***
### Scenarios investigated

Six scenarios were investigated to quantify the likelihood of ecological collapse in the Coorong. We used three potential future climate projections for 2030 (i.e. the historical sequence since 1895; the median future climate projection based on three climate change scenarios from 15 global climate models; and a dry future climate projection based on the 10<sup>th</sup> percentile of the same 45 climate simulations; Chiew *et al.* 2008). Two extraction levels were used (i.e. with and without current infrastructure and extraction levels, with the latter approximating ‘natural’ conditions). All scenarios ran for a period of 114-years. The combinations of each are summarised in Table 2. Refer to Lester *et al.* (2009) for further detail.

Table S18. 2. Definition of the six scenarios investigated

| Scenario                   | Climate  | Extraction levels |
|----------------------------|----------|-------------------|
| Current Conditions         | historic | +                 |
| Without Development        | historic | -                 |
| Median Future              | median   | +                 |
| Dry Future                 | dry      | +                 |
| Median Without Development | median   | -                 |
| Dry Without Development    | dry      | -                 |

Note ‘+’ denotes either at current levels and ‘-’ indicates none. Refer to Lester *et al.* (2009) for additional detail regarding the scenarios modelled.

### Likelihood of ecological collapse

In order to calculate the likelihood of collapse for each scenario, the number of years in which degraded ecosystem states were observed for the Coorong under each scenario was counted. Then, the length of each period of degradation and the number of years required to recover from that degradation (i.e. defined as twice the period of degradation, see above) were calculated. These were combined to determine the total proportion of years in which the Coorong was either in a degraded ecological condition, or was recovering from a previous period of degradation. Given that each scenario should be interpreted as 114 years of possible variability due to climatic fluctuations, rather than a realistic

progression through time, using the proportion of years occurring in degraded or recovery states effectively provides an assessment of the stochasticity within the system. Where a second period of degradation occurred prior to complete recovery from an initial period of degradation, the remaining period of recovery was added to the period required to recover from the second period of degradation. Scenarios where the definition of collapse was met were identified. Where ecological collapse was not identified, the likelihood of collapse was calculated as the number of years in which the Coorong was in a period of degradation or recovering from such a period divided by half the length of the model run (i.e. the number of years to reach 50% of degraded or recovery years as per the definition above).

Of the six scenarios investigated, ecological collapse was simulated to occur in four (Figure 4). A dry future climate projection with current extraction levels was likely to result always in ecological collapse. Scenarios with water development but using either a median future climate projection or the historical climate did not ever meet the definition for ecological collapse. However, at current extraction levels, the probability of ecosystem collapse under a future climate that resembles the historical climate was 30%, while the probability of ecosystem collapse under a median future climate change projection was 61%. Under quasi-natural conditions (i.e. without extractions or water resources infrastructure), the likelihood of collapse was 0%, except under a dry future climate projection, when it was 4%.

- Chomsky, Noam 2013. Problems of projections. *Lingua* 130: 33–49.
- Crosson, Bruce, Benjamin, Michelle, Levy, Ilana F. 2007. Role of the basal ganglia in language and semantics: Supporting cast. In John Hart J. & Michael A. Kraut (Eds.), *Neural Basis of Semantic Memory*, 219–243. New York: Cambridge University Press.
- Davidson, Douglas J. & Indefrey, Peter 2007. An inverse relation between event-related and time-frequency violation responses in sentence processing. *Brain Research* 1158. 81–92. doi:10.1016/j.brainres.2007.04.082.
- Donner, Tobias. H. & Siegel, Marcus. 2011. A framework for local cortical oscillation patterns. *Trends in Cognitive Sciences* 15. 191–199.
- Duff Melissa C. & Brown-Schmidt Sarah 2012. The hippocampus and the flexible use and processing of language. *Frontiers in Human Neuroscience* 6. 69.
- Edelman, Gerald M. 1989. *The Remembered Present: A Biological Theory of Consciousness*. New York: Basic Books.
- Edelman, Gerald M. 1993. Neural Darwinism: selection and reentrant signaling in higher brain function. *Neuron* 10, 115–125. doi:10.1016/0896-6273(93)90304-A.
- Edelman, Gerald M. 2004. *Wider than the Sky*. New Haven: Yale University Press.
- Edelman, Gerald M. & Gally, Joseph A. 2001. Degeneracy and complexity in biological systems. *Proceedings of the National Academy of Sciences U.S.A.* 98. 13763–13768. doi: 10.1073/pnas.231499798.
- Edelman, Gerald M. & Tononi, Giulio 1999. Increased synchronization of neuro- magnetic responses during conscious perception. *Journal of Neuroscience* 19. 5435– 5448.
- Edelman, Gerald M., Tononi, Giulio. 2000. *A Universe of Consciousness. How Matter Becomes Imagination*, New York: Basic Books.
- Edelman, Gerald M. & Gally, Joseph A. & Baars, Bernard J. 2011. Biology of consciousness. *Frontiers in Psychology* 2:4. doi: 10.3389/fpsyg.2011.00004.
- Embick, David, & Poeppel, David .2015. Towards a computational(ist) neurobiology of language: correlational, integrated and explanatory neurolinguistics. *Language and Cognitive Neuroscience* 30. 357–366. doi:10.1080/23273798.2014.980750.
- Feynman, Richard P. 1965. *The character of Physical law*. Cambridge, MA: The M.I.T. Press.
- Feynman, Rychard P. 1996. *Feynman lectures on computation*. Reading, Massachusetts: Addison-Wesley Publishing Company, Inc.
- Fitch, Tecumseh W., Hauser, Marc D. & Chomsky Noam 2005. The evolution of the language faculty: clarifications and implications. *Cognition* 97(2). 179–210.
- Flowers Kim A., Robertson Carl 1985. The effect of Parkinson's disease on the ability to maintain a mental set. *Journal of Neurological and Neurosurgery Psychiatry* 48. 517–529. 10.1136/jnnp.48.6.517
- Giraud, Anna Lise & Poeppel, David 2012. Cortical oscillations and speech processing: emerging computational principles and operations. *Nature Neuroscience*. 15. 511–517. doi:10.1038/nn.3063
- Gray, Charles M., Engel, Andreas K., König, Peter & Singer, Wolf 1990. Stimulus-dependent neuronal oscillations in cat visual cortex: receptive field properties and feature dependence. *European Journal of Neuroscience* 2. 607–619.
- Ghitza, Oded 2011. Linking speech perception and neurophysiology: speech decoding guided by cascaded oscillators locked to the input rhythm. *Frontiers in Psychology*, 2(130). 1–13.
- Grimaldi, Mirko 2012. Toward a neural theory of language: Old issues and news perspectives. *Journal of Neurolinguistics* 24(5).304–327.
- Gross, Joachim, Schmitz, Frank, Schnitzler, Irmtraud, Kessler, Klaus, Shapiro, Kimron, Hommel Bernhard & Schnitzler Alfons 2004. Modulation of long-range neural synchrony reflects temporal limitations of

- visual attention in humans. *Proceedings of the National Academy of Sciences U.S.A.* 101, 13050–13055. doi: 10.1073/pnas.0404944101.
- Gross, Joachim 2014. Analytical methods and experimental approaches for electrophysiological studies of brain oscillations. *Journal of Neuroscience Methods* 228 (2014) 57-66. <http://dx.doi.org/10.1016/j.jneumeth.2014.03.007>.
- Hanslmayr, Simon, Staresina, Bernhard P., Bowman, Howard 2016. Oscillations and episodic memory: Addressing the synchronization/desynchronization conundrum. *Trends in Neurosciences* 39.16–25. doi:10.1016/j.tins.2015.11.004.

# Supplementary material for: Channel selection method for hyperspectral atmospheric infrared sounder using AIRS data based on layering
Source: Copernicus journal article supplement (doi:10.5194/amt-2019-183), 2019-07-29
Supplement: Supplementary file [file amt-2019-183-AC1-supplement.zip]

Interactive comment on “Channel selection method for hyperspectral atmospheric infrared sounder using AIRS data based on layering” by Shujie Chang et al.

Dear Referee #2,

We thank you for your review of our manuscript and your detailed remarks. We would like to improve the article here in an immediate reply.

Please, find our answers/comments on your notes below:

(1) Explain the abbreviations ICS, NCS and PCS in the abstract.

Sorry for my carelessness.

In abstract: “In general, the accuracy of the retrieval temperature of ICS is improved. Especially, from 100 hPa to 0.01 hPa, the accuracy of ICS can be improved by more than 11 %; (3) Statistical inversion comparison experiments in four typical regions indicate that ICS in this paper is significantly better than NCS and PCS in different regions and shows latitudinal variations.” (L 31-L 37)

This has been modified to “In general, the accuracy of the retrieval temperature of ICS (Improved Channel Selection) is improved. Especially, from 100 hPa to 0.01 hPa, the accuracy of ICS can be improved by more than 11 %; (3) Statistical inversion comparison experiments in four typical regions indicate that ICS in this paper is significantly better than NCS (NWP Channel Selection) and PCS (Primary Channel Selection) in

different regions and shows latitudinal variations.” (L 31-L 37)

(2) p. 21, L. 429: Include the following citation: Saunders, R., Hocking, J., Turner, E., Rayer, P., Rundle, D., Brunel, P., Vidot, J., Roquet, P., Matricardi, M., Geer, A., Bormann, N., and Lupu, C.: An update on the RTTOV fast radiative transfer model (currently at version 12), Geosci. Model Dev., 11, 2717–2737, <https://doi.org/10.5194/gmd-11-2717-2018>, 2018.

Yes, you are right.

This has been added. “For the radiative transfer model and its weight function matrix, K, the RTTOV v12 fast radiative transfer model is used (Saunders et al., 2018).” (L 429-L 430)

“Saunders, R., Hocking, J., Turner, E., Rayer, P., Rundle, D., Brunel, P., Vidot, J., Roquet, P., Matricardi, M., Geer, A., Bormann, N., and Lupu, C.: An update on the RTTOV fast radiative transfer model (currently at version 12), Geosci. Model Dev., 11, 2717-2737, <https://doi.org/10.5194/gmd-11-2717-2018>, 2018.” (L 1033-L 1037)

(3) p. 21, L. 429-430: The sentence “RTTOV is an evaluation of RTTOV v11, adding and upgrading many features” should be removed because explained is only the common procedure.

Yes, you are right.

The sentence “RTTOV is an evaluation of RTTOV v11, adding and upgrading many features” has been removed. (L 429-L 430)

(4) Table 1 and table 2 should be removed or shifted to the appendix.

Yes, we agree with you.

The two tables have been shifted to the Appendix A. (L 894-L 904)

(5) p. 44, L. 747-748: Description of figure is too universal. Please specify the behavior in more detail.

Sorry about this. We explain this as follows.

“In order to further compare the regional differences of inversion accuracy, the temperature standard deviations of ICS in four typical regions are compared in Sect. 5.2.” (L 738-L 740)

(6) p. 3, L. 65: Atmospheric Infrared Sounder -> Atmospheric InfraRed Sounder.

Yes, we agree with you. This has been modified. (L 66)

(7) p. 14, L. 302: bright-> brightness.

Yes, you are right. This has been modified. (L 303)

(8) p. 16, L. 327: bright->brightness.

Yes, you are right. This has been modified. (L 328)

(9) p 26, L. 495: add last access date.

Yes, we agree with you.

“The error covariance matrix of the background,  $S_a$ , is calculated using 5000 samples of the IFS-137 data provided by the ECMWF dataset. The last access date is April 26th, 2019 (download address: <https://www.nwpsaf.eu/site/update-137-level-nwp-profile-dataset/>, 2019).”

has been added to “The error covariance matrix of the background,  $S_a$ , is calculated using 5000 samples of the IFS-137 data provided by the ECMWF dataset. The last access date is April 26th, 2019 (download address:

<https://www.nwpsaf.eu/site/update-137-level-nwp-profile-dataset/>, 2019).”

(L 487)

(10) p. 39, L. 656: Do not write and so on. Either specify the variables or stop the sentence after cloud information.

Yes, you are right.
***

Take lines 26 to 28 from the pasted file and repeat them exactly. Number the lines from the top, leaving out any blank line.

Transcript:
- Edelman, Gerald M. & Tononi, Giulio 1999. Increased synchronization of neuro- magnetic responses during conscious perception. *Journal of Neuroscience* 19. 5435– 5448.
- Edelman, Gerald M., Tononi, Giulio. 2000. *A Universe of Consciousness. How Matter Becomes Imagination*, New York: Basic Books.
- Edelman, Gerald M. & Gally, Joseph A. & Baars, Bernard J. 2011. Biology of consciousness. *Frontiers in Psychology* 2:4. doi: 10.3389/fpsyg.2011.00004.